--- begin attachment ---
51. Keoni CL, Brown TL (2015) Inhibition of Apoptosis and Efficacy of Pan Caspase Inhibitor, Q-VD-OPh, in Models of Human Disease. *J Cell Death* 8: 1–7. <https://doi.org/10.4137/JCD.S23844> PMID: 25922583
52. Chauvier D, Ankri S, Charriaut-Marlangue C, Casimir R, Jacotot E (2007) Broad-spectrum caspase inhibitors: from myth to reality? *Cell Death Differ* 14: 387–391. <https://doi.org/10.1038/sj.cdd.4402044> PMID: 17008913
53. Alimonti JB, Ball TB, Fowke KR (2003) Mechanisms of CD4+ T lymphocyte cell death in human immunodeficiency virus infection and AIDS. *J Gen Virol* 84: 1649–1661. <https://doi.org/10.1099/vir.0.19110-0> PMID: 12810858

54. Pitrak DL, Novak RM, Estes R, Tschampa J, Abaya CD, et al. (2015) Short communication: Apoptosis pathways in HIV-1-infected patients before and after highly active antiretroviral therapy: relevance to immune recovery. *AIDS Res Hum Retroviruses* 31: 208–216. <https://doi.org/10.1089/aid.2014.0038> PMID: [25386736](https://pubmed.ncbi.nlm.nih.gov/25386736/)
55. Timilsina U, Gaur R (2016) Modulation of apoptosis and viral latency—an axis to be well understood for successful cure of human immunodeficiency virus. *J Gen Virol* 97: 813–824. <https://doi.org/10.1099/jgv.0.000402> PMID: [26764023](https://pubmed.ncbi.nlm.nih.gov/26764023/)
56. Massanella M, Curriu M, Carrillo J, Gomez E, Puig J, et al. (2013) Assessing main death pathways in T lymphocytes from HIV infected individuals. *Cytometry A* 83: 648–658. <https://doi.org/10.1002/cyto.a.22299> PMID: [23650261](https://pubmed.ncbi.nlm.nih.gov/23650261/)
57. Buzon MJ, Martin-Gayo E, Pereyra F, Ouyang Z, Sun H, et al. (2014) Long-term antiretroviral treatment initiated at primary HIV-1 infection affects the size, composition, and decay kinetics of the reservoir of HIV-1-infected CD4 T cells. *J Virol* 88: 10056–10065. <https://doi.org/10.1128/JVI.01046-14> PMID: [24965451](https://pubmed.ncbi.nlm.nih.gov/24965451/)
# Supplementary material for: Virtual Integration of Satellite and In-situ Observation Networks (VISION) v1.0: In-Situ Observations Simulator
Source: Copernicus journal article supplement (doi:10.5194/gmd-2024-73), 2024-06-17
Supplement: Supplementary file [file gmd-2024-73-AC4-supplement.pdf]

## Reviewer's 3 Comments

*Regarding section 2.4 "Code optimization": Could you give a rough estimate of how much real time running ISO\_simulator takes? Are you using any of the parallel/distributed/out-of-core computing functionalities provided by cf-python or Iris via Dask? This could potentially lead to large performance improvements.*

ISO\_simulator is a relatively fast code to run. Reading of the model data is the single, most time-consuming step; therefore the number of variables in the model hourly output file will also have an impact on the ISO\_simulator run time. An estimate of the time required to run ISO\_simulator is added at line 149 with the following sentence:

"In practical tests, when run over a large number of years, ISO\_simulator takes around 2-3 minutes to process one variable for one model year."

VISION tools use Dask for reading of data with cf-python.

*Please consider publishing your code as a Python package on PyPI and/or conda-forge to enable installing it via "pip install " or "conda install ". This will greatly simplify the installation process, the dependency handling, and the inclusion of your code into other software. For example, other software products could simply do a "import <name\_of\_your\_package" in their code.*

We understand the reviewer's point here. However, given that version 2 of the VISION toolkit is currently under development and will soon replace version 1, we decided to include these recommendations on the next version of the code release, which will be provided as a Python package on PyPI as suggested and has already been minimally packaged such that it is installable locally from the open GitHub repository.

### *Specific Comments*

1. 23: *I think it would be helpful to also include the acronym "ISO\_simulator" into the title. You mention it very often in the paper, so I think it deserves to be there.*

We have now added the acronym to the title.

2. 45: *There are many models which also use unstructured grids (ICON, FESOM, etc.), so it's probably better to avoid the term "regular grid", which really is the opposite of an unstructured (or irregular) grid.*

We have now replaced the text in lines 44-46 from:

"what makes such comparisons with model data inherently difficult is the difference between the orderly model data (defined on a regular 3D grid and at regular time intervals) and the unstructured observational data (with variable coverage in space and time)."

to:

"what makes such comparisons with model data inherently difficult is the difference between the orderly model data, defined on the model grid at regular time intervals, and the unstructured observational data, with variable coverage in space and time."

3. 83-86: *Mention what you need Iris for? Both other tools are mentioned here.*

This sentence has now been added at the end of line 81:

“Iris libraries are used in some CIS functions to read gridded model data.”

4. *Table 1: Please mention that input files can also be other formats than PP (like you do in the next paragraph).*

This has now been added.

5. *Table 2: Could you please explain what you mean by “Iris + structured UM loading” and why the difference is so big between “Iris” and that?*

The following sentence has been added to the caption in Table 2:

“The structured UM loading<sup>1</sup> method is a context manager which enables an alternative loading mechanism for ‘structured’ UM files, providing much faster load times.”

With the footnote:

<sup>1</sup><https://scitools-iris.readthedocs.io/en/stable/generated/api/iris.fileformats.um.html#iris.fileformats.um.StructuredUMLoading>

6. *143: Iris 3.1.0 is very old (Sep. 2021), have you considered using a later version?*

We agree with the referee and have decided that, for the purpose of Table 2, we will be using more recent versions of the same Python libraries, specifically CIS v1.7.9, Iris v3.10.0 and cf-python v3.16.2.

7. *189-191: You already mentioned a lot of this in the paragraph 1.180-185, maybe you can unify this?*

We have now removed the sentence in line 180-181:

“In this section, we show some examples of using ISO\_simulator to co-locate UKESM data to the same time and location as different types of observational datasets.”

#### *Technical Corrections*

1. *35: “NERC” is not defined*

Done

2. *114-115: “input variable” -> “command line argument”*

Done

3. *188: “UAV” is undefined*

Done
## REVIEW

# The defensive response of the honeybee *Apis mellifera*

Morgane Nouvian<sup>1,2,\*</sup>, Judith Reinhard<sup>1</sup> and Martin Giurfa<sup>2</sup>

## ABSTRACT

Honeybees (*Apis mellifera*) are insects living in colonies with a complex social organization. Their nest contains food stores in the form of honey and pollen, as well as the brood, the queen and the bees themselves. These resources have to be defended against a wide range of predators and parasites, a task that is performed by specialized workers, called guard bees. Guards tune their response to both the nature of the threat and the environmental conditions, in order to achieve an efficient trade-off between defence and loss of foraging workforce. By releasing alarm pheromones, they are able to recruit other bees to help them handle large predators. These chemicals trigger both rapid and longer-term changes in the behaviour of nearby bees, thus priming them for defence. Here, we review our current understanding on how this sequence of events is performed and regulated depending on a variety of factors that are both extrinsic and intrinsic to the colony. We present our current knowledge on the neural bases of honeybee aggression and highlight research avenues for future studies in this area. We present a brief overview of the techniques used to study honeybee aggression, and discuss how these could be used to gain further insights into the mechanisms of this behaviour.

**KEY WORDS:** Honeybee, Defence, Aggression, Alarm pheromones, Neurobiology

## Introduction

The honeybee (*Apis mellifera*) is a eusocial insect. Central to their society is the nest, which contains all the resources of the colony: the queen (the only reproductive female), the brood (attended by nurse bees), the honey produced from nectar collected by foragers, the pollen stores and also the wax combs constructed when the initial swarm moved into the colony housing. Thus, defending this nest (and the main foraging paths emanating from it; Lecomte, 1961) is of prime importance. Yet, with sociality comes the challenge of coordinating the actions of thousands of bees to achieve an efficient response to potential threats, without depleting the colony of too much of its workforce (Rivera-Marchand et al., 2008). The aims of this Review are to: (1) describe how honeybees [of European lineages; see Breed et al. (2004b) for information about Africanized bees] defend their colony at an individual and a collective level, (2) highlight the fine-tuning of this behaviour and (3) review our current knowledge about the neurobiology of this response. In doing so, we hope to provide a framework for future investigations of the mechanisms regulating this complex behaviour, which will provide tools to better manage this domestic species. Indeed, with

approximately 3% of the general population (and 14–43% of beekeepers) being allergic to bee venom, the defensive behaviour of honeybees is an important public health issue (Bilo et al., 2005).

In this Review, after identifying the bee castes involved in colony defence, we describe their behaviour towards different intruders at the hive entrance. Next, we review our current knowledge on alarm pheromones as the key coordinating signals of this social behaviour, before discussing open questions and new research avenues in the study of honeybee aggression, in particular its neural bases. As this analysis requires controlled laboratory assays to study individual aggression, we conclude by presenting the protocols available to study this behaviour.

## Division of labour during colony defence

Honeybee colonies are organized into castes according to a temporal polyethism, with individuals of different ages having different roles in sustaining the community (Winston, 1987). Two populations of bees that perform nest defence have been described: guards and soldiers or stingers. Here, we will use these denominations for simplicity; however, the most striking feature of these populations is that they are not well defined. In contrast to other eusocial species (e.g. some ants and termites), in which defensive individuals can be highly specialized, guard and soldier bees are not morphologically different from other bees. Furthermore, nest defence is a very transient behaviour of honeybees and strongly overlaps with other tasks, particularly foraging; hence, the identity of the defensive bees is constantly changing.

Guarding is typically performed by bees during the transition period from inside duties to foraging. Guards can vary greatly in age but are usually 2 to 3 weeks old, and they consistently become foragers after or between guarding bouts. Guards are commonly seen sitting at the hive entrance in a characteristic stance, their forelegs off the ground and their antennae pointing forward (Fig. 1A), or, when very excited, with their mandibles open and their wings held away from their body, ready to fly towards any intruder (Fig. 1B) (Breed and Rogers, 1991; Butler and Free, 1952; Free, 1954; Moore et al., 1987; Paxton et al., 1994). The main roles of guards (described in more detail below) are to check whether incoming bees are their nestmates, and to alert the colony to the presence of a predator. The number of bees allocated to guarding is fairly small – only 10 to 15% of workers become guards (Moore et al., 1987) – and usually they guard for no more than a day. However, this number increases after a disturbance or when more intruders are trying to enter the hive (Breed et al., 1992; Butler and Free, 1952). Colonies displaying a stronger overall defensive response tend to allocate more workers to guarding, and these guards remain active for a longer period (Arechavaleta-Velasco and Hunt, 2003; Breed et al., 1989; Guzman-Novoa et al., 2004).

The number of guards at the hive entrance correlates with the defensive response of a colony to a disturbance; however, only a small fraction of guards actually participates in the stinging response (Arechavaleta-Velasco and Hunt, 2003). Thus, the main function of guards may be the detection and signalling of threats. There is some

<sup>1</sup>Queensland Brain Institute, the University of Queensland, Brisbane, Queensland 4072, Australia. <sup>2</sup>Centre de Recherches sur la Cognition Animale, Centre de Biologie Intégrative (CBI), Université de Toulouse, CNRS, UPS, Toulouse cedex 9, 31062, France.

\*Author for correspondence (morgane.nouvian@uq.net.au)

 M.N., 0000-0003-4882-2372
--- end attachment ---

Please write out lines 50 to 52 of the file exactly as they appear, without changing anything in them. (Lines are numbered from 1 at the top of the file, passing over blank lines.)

Morgane Nouvian<sup>1,2,\*</sup>, Judith Reinhard<sup>1</sup> and Martin Giurfa<sup>2</sup>

## ABSTRACT

Honeybees (*Apis mellifera*) are insects living in colonies with a complex social organization. Their nest contains food stores in the form of honey and pollen, as well as the brood, the queen and the bees themselves. These resources have to be defended against a wide range of predators and parasites, a task that is performed by specialized workers, called guard bees. Guards tune their response to both the nature of the threat and the environmental conditions, in order to achieve an efficient trade-off between defence and loss of foraging workforce. By releasing alarm pheromones, they are able to recruit other bees to help them handle large predators. These chemicals trigger both rapid and longer-term changes in the behaviour of nearby bees, thus priming them for defence. Here, we review our current understanding on how this sequence of events is performed and regulated depending on a variety of factors that are both extrinsic and intrinsic to the colony. We present our current knowledge on the neural bases of honeybee aggression and highlight research avenues for future studies in this area. We present a brief overview of the techniques used to study honeybee aggression, and discuss how these could be used to gain further insights into the mechanisms of this behaviour.